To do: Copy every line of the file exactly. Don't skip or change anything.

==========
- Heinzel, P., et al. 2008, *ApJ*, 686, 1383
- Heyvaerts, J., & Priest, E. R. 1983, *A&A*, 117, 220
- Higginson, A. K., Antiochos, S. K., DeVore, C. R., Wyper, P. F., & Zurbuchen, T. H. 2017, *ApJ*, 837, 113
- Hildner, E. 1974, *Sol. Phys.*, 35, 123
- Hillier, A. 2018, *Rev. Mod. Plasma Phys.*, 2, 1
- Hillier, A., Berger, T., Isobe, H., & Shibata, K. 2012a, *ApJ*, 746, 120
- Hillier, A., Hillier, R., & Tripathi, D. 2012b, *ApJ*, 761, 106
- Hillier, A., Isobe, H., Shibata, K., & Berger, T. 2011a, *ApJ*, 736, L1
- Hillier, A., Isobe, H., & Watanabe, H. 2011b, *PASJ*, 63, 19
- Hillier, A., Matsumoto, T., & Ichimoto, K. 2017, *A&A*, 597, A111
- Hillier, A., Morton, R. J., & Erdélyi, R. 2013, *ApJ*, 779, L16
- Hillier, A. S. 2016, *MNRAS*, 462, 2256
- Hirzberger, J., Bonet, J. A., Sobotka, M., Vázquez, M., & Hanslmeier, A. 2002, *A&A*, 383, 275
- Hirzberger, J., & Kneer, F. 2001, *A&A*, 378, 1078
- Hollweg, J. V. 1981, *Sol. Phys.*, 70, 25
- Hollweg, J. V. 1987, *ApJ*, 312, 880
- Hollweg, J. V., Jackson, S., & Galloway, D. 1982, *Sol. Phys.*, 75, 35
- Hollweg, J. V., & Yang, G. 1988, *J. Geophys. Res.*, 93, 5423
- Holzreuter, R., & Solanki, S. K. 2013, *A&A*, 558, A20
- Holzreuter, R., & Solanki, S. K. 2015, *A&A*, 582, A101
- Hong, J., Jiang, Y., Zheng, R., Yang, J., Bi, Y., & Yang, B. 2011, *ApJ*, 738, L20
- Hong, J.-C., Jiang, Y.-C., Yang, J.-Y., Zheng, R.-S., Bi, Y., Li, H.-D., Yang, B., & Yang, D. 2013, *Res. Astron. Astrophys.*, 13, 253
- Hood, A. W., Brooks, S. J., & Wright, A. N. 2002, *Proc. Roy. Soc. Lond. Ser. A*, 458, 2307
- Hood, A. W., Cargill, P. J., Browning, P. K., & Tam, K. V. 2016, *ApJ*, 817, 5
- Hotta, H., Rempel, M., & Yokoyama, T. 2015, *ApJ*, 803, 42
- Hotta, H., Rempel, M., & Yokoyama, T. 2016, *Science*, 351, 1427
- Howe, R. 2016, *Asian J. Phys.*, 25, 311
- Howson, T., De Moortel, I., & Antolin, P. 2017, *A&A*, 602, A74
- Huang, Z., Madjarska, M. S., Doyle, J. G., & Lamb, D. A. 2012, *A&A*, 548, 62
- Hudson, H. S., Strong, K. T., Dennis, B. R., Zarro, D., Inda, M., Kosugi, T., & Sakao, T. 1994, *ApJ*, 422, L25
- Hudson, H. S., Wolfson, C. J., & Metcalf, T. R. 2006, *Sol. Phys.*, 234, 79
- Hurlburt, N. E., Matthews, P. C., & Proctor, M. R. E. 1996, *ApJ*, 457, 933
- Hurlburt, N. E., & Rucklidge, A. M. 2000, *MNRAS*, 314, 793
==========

- Heinzel, P., et al. 2008, *ApJ*, 686, 1383
- Heyvaerts, J., & Priest, E. R. 1983, *A&A*, 117, 220
- Higginson, A. K., Antiochos, S. K., DeVore, C. R., Wyper, P. F., & Zurbuchen, T. H. 2017, *ApJ*, 837, 113
- Hildner, E. 1974, *Sol. Phys.*, 35, 123
- Hillier, A. 2018, *Rev. Mod. Plasma Phys.*, 2, 1
- Hillier, A., Berger, T., Isobe, H., & Shibata, K. 2012a, *ApJ*, 746, 120
- Hillier, A., Hillier, R., & Tripathi, D. 2012b, *ApJ*, 761, 106
- Hillier, A., Isobe, H., Shibata, K., & Berger, T. 2011a, *ApJ*, 736, L1
- Hillier, A., Isobe, H., & Watanabe, H. 2011b, *PASJ*, 63, 19
- Hillier, A., Matsumoto, T., & Ichimoto, K. 2017, *A&A*, 597, A111
- Hillier, A., Morton, R. J., & Erdélyi, R. 2013, *ApJ*, 779, L16
- Hillier, A. S. 2016, *MNRAS*, 462, 2256
- Hirzberger, J., Bonet, J. A., Sobotka, M., Vázquez, M., & Hanslmeier, A. 2002, *A&A*, 383, 275
- Hirzberger, J., & Kneer, F. 2001, *A&A*, 378, 1078
- Hollweg, J. V. 1981, *Sol. Phys.*, 70, 25
- Hollweg, J. V. 1987, *ApJ*, 312, 880
- Hollweg, J. V., Jackson, S., & Galloway, D. 1982, *Sol. Phys.*, 75, 35
- Hollweg, J. V., & Yang, G. 1988, *J. Geophys. Res.*, 93, 5423
- Holzreuter, R., & Solanki, S. K. 2013, *A&A*, 558, A20
- Holzreuter, R., & Solanki, S. K. 2015, *A&A*, 582, A101
- Hong, J., Jiang, Y., Zheng, R., Yang, J., Bi, Y., & Yang, B. 2011, *ApJ*, 738, L20
- Hong, J.-C., Jiang, Y.-C., Yang, J.-Y., Zheng, R.-S., Bi, Y., Li, H.-D., Yang, B., & Yang, D. 2013, *Res. Astron. Astrophys.*, 13, 253
- Hood, A. W., Brooks, S. J., & Wright, A. N. 2002, *Proc. Roy. Soc. Lond. Ser. A*, 458, 2307
- Hood, A. W., Cargill, P. J., Browning, P. K., & Tam, K. V. 2016, *ApJ*, 817, 5
- Hotta, H., Rempel, M., & Yokoyama, T. 2015, *ApJ*, 803, 42
- Hotta, H., Rempel, M., & Yokoyama, T. 2016, *Science*, 351, 1427
- Howe, R. 2016, *Asian J. Phys.*, 25, 311
- Howson, T., De Moortel, I., & Antolin, P. 2017, *A&A*, 602, A74
- Huang, Z., Madjarska, M. S., Doyle, J. G., & Lamb, D. A. 2012, *A&A*, 548, 62
- Hudson, H. S., Strong, K. T., Dennis, B. R., Zarro, D., Inda, M., Kosugi, T., & Sakao, T. 1994, *ApJ*, 422, L25
- Hudson, H. S., Wolfson, C. J., & Metcalf, T. R. 2006, *Sol. Phys.*, 234, 79
- Hurlburt, N. E., Matthews, P. C., & Proctor, M. R. E. 1996, *ApJ*, 457, 933
- Hurlburt, N. E., & Rucklidge, A. M. 2000, *MNRAS*, 314, 793